"This is consistent with the study's findings that the elevated risk of nonseminoma-type testicular cancer, in particular, was associated with marijuana use prior to age 18," she said in a statement.

"However, none of these explanations likely would be specific to nonseminomas," the researchers note.

One of the most intriguing things about this study, from a human interest point of view, is the reason the researchers decided to look for an association between testicular cancer and the use of marijuana, commented Dr. Lichtenfeld.

According to a press release issued by the Fred Hutchinson center, the idea was conceived by Dr. Daling after she heard a lecture 8 years ago that highlighted the fact that the brain and the testes were the only 2 organs in the body found to have receptors for tetrahydrocannabinol (THC), the main psychoactive component of marijuana. However, since then, these receptors have been found in the heart, uterus, spleen, and certain immune system cells.

The work was supported by the National Institutes of Health and by institutional funds from the Fred Hutchinson Cancer Research Center. The researchers have disclosed no relevant financial relationships.

http://www.medhelp.org/posts/Hepatitis-C/Marijuana-Aids-Therapy---Wow/show/1261409

29837 tn?1414538248
Well, I wouldn't be surprised if bread will soon be a risk, or strawberries. The doctor and I follow closely the results of my quarterly ultrasounds and go by that as a rule. Keep in mind, I take three puffs through a vaporizer before I go to sleep. The amount of carcinogens is greatly reduced with a vaporizer.

Like the rest of you who are serious about eradicating this problem, I'm not one to throw caution to the wind, but if it helps me deal with my problem, then so be it. By the way, my last blood work showed the lowest ALT and AST in 11 years, and I use marijuana pretty much daily.

If you watch these ads on TV regarding the drugs you are to take to help you with blood pressure, arthritis, etc.. the warnings are MUCH more scarier than smoking pot to help through treatment. It's not unusual to see warnings on most of those prescription drugs you see on the nightly NBC and CBS news such as for example - Ambien - "may cause abnormal thinking, behavior changes and complex behaviors, sleep walking, depression, respiratory depression, renal dysfunction. "drugged" feeling, dry mouth, headache, nausea, throat irritation, rash, hives, itching, tightness of the chest, swelling of the hands...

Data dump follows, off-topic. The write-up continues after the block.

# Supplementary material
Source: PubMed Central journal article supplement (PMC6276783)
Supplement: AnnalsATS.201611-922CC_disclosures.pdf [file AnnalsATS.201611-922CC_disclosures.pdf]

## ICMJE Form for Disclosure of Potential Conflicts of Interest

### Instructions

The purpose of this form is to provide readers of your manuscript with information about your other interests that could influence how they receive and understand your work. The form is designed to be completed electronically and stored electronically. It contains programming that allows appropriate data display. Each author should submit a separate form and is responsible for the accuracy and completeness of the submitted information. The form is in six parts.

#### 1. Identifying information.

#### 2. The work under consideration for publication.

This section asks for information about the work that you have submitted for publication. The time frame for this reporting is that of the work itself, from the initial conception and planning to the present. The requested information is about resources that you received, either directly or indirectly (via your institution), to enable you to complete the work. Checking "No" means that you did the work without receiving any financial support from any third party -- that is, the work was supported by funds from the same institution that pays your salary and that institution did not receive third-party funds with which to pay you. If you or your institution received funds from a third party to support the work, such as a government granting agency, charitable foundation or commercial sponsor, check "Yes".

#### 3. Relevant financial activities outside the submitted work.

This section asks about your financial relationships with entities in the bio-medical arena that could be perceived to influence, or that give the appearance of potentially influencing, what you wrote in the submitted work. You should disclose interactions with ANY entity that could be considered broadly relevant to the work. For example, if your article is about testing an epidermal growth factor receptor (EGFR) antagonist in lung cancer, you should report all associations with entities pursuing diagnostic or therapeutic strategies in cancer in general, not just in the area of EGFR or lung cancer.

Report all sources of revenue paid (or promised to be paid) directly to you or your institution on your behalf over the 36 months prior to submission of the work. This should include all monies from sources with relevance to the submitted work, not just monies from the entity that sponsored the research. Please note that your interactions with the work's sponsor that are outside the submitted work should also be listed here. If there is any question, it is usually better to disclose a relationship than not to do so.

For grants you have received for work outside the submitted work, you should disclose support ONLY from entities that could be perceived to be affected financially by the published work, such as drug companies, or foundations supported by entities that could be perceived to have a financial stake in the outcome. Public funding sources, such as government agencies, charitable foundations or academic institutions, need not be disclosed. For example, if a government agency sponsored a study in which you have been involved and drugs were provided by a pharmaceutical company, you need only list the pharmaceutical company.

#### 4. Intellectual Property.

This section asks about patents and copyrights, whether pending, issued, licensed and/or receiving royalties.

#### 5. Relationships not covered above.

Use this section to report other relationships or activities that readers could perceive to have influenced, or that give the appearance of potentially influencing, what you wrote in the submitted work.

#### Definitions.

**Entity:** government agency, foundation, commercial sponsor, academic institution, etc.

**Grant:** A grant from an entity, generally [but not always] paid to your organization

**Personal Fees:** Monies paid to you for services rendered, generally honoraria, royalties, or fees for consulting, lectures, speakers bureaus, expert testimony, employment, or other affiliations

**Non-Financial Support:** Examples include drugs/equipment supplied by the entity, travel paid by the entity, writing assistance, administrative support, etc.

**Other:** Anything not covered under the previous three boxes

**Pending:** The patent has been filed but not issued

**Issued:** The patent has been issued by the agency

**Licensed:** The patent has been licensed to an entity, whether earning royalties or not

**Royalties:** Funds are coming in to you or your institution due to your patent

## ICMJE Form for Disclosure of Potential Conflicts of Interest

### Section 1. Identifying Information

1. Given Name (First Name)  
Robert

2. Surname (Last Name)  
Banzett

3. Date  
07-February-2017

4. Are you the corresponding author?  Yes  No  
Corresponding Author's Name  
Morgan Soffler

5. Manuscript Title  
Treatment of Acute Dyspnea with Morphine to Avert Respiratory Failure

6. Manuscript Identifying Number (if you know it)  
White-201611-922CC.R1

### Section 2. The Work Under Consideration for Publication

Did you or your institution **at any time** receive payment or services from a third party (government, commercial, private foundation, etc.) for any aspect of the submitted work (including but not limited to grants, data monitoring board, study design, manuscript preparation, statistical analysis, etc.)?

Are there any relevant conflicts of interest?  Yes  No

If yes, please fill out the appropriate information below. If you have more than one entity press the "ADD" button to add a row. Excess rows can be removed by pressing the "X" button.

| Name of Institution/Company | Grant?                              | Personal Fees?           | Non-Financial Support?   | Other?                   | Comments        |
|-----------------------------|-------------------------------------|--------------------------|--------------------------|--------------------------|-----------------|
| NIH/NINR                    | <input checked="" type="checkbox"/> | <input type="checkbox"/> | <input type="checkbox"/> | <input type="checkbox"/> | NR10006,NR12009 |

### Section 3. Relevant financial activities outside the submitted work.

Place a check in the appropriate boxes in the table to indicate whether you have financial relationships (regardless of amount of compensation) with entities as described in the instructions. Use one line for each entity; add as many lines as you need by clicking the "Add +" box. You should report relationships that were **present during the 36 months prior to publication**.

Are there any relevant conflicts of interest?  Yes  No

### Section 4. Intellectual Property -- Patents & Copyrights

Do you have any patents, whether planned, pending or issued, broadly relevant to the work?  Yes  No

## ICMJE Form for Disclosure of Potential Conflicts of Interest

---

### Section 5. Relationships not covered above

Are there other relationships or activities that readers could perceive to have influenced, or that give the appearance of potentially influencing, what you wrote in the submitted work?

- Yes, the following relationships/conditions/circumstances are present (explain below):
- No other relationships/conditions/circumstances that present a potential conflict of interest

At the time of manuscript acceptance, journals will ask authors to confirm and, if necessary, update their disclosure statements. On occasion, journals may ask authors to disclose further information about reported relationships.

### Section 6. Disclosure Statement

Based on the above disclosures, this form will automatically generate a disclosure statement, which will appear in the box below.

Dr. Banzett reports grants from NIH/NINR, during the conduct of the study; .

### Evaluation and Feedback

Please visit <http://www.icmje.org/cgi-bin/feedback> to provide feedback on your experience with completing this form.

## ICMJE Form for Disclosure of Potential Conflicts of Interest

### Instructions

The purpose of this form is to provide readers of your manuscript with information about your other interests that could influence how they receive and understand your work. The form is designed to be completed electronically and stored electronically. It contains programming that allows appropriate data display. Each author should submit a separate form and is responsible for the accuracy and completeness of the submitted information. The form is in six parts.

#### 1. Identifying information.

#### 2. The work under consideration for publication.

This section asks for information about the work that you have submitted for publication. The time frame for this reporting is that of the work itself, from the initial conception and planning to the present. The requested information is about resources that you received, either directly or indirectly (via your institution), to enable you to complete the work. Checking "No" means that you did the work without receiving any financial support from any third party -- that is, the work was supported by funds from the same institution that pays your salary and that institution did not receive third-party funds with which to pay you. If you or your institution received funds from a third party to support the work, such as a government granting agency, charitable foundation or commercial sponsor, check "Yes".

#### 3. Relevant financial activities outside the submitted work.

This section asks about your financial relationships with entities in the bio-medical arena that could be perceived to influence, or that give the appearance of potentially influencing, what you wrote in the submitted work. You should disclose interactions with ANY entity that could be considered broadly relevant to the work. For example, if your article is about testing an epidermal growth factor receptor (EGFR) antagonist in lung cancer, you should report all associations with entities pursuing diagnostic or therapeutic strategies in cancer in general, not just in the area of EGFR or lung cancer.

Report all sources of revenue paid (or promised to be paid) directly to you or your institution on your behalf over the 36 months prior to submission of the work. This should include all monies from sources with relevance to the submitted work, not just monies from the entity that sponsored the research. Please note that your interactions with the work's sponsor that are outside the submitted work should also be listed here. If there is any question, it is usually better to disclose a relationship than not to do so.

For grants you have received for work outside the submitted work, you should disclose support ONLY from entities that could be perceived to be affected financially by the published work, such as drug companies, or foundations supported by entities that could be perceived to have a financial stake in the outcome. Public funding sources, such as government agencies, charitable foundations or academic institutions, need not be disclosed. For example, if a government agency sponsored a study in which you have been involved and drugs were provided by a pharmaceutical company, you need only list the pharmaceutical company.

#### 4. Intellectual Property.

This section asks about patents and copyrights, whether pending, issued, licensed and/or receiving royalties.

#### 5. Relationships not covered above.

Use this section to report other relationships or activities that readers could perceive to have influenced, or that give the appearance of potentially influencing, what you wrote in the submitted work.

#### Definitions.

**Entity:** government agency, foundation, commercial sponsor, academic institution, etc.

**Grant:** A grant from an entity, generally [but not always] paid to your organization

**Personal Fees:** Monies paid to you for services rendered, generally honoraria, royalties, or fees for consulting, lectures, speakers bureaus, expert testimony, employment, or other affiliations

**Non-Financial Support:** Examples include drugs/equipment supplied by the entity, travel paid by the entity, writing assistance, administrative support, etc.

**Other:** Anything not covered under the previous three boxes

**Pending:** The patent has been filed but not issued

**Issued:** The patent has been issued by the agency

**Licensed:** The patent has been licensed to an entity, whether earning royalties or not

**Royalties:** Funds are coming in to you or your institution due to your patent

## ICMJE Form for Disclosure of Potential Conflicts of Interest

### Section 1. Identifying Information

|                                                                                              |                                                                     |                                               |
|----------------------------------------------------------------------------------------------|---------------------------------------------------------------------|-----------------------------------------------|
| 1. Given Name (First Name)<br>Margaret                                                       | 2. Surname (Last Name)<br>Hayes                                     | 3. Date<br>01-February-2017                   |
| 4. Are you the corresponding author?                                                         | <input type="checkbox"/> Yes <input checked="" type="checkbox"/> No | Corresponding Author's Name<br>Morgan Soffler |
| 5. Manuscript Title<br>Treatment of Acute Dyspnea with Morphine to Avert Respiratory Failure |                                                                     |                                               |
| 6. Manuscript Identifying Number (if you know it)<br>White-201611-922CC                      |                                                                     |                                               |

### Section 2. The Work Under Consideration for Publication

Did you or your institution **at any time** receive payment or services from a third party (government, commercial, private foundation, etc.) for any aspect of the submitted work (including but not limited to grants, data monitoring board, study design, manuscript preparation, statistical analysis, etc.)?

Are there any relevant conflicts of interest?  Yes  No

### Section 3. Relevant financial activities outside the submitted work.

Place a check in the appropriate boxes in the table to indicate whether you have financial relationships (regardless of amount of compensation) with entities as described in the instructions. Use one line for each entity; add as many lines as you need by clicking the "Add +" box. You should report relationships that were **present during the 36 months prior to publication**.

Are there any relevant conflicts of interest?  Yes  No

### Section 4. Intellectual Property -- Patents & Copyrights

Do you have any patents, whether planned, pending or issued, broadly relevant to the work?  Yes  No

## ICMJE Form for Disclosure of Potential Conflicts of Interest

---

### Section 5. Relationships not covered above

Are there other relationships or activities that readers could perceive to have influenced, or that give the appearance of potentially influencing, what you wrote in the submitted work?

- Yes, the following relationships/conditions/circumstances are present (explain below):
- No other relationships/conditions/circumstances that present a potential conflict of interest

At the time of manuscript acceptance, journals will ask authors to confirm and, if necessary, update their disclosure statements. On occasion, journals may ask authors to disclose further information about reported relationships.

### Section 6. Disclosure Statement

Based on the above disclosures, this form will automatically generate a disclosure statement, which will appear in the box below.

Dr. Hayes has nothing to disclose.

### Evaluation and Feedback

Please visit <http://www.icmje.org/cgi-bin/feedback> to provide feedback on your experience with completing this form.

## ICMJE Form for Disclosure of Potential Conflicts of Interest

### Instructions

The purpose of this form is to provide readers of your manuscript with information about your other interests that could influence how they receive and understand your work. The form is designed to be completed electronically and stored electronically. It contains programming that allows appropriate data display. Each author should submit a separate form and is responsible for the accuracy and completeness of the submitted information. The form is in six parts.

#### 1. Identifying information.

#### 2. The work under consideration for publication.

Here is a direct quote on the site below regarding Ambien:

"Seek medical attention right away if any of these SEVERE side effects occur when using Ambien:
Severe allergic reactions (rash; hives; itching; difficulty breathing; tightness in the chest; swelling of the hands, legs, mouth, face, lips, eyes, throat, or tongue; unusual hoarseness); abnormal thinking; behavior changes; chest pain; confusion; decreased coordination; difficulty swallowing or breathing; fainting; fast or irregular heartbeat; hallucinations; memory problems (eg, memory loss); mental or mood changes (eg, aggression, agitation, anxiety, depression); severe dizziness; shortness of breath; suicidal thoughts or actions; vision changes.

Here's the link:

http://www.drugs.com/sfx/ambien-side-effects.html

So in essence, I'll take my risk with pot as a sleeping aid instead of Ambien. Otherwise, it's up to you...

Magnum
Avatar universal
Yea I agree. I just had the article along with the ones on completing treatment and fibrosis.

Mike
29837 tn?1414538248
Hey Mike, nice bike! Is that a custom Harley?

Mag
Avatar universal
No, that was a MMC v-twin made by Pat Matter. He had Minneapolis Custom Cycles and was the President of the Minneapolis Chapter of the Hell's Angels. He is now doing time for drugs and money laundering. I wrecked that bike then fixed it up to mint and then sold it. I ride an old Harley - 1991 - that I bought new.

Mike
Have an Answer?
Top Hepatitis Answerers
317787 tn?1473362051
DC
683231 tn?1467326617
Auburn, WA
Learn About Top Answerers
Didn't find the answer you were looking for?
Ask a question
Answer a few simple questions about your Hep C treatment journey.

Those who qualify may receive up to $100 for their time.
Explore More In Our Hep C Learning Center
image description
Learn about this treatable virus.
image description
Getting tested for this viral infection.
image description
3 key steps to getting on treatment.
image description
4 steps to getting on therapy.
image description
What you need to know about Hep C drugs.
image description
How the drugs might affect you.
image description
These tips may up your chances of a cure.
Popular Resources
A list of national and international resources and hotlines to help connect you to needed health and medical services.
Here’s how your baby’s growing in your body each week.
These common ADD/ADHD myths could already be hurting your child
This article will tell you more about strength training at home, giving you some options that require little to no equipment.
In You Can Prevent a Stroke, Dr. Joshua Yamamoto and Dr. Kristin Thomas help us understand what we can do to prevent a stroke.
Smoking substitute may not provide such a healthy swap, after all.